There was a marked rise in ceasefire violations by Pakistan at the borders, resulting in casualties on both sides and attempts by terrorist groups to infiltrate. New Delhi then insisted that there can be no talks with Pakistan until there is peace at the borders and the latter should rein in the terrorists.


Sour India-Pakistan relations had an impact on the 18th SAARC Summit in Kathmandu in November 2014. New Delhi, thereafter, stepped up efforts for dialogue in the entire South Asian region. Foreign Secretary S Jaishankar was sent on a SAARC Yatra and met his Pakistani counterpart and other Pakistani leaders.


The two leaders met at the sidelines of the SCO Summit meeting at Ufa (Russia) where both countries were co-opted as members. This led to the Ufa Declaration that proposed a meeting of the NSAs of the two countries in New Delhi, followed by an early meeting of DG BSF and DG Pakistan Rangers and a meeting of DGMOs of both countries – the date and the venue for which would be decided by Islamabad.


Unfortunately, after the Ufa joint statement was signed, Pakistan raised the issue that Kashmir was specifically not reflected on the agenda even though it mentioned “prepared to discuss all outstanding issues”. The Ufa statement also called for cooperation in eliminating terrorism and expediting the Mumbai case trial, including additional information like providing voice samples. But recurring ceasefire violations at the borders again derailed the NSA-level talks. However, the talks between DG BSF and DG Pakistan Rangers took place in September 2015 in New Delhi as this was a regular bi-annual event and not part of the Ufa agenda.


Dialogue is necessary in diplomacy. Flexibility is a norm to achieve the goal and hence in diplomacy there can be no full stops, only commas. The bonhomie between the two prime ministers continued with waving of hands at the UN Summit in September 2015 and shaking of hands at the Paris climate negotiations in November 2015, and finally the NSAs and foreign secretaries of both countries met in a third country – Thailand – in Bangkok city in December 6, 2015 and discussed peace and security, terrorism, Jammu and Kashmir and other issues including tranquility at the Line of Control. They agreed to carry forward the constructive engagement.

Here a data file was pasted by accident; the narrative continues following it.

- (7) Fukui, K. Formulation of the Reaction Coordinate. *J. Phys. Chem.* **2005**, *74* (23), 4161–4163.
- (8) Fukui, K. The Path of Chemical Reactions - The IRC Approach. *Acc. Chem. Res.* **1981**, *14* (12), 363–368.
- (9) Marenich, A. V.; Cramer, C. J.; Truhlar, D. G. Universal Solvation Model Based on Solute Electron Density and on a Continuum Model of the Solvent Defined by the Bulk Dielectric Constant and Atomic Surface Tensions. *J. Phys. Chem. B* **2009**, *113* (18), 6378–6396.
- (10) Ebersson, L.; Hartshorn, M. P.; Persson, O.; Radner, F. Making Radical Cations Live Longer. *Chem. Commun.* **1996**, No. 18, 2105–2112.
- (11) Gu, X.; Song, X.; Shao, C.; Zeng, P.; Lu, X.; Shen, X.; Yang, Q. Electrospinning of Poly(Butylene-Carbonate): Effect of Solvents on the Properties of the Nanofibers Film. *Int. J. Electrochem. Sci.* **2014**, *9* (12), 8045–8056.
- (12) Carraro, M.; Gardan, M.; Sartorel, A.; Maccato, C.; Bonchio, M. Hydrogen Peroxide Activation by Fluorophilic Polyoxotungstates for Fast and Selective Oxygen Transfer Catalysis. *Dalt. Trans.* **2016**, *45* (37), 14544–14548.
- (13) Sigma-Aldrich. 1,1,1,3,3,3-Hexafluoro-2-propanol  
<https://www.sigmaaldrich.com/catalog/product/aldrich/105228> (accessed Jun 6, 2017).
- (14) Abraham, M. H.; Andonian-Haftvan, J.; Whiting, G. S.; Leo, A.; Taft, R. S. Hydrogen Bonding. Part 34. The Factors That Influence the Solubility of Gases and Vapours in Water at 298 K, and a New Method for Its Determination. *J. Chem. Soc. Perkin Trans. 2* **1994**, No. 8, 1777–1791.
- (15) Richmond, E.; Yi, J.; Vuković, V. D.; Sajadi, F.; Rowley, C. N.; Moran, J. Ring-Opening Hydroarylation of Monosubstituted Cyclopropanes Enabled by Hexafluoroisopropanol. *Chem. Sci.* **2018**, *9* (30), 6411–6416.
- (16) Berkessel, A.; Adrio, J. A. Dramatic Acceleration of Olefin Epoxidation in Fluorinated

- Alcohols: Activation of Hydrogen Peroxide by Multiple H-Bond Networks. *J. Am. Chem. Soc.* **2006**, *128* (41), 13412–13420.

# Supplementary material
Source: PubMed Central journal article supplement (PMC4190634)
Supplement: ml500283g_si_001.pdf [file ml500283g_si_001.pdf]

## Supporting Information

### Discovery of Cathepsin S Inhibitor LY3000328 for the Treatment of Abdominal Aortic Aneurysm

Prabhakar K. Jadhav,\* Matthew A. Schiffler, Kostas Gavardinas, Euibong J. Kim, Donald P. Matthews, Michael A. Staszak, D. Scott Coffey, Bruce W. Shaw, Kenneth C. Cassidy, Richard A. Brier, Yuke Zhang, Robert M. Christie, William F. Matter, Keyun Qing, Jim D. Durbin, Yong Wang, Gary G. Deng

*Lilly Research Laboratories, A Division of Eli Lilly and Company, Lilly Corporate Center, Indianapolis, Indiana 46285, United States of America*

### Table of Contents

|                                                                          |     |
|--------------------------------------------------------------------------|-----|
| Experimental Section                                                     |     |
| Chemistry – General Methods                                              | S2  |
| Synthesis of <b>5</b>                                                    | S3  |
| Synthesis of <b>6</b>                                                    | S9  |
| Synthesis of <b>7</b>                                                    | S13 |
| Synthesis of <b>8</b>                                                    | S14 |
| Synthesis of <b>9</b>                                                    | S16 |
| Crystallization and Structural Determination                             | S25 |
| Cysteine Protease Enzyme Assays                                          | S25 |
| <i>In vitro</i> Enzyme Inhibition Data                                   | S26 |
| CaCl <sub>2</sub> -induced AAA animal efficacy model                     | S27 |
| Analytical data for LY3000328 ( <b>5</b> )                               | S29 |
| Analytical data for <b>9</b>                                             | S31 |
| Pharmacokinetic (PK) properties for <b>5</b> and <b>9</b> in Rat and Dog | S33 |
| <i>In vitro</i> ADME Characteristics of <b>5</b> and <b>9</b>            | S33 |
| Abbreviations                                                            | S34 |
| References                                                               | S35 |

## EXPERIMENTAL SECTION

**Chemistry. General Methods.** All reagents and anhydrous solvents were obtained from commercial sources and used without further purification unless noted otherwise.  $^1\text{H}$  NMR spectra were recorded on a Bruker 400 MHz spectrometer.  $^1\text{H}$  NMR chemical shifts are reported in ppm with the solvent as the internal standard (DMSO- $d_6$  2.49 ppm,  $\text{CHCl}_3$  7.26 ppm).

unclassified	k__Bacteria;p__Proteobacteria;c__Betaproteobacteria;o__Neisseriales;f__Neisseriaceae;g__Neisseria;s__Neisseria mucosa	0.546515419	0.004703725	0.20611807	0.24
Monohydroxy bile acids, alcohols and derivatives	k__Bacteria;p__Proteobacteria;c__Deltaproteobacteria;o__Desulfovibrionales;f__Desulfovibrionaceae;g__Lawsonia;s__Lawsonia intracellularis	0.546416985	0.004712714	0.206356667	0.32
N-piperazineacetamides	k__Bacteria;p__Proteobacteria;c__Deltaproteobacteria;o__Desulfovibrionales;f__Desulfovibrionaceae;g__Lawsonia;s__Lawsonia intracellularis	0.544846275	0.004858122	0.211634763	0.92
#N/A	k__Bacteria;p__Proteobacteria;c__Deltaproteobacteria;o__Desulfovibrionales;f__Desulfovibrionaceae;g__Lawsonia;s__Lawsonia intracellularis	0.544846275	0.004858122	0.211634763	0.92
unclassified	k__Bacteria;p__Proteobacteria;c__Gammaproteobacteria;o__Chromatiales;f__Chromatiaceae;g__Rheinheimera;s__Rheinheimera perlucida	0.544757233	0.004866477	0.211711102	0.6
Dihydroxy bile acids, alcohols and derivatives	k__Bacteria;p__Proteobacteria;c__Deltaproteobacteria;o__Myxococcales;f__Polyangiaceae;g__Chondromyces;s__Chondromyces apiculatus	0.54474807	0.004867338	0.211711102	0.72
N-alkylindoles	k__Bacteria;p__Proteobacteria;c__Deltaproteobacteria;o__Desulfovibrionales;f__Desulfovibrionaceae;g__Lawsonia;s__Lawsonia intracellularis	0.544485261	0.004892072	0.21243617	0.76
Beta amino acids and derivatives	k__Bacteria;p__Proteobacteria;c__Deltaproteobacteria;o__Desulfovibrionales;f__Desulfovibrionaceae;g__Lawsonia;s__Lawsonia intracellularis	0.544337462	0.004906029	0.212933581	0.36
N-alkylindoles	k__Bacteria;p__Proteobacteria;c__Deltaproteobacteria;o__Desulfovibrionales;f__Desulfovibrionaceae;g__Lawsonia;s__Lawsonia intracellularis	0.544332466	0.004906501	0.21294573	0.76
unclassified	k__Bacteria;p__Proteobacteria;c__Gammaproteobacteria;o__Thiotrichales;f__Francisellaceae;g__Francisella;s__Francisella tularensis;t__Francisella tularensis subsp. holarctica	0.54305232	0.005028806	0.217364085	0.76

In contrast to Ufa, Pakistan could get Kashmir issue specifically inserted on the agenda. Subsequently, External Affairs Minister Sushma Swaraj covered considerable ground in thawing the India-Pakistan dialogue process during her visit to Islamabad for the Heart of Asia Conference. She signed a joint statement along with the Pakistan Prime Minister Nawaz Sharif and Afghanistan President Ashraf Ghani that focused on improving security, bilateral ties, defence cooperation and resolving the Kashmir issue. She also called for seamless trade and transit connecting India, Pakistan, Afghanistan and beyond to Central Asia.


This sequence of events gave Prime Minister Modi the optimism to make a call to Nawaz Sharif on his birthday and cannily accept the polite impromptu invitation to land in Lahore. He happily tweeted about his “surprise” visit on the way back from Kabul to New Delhi. Even his visit to Kabul was not officially announced in India when he left for Moscow, though it was vaguely hinted at.


Thus, in his own innovative style, Mr Modi found a way to reciprocate Mr Nawaz Sharif’s visit for his swearing-in ceremony. But Mr Modi needs to add a carrot and stick policy to his bonhomie diplomacy. The scheduled foreign secretary level talks are scheduled to be held in mid-January, with the possibility of the two leaders meeting at the Davos World Economic Forum and subsequently at the SAARC Summit in Islamabad. One can only hope that there will be some forward movement without the customary two steps backward.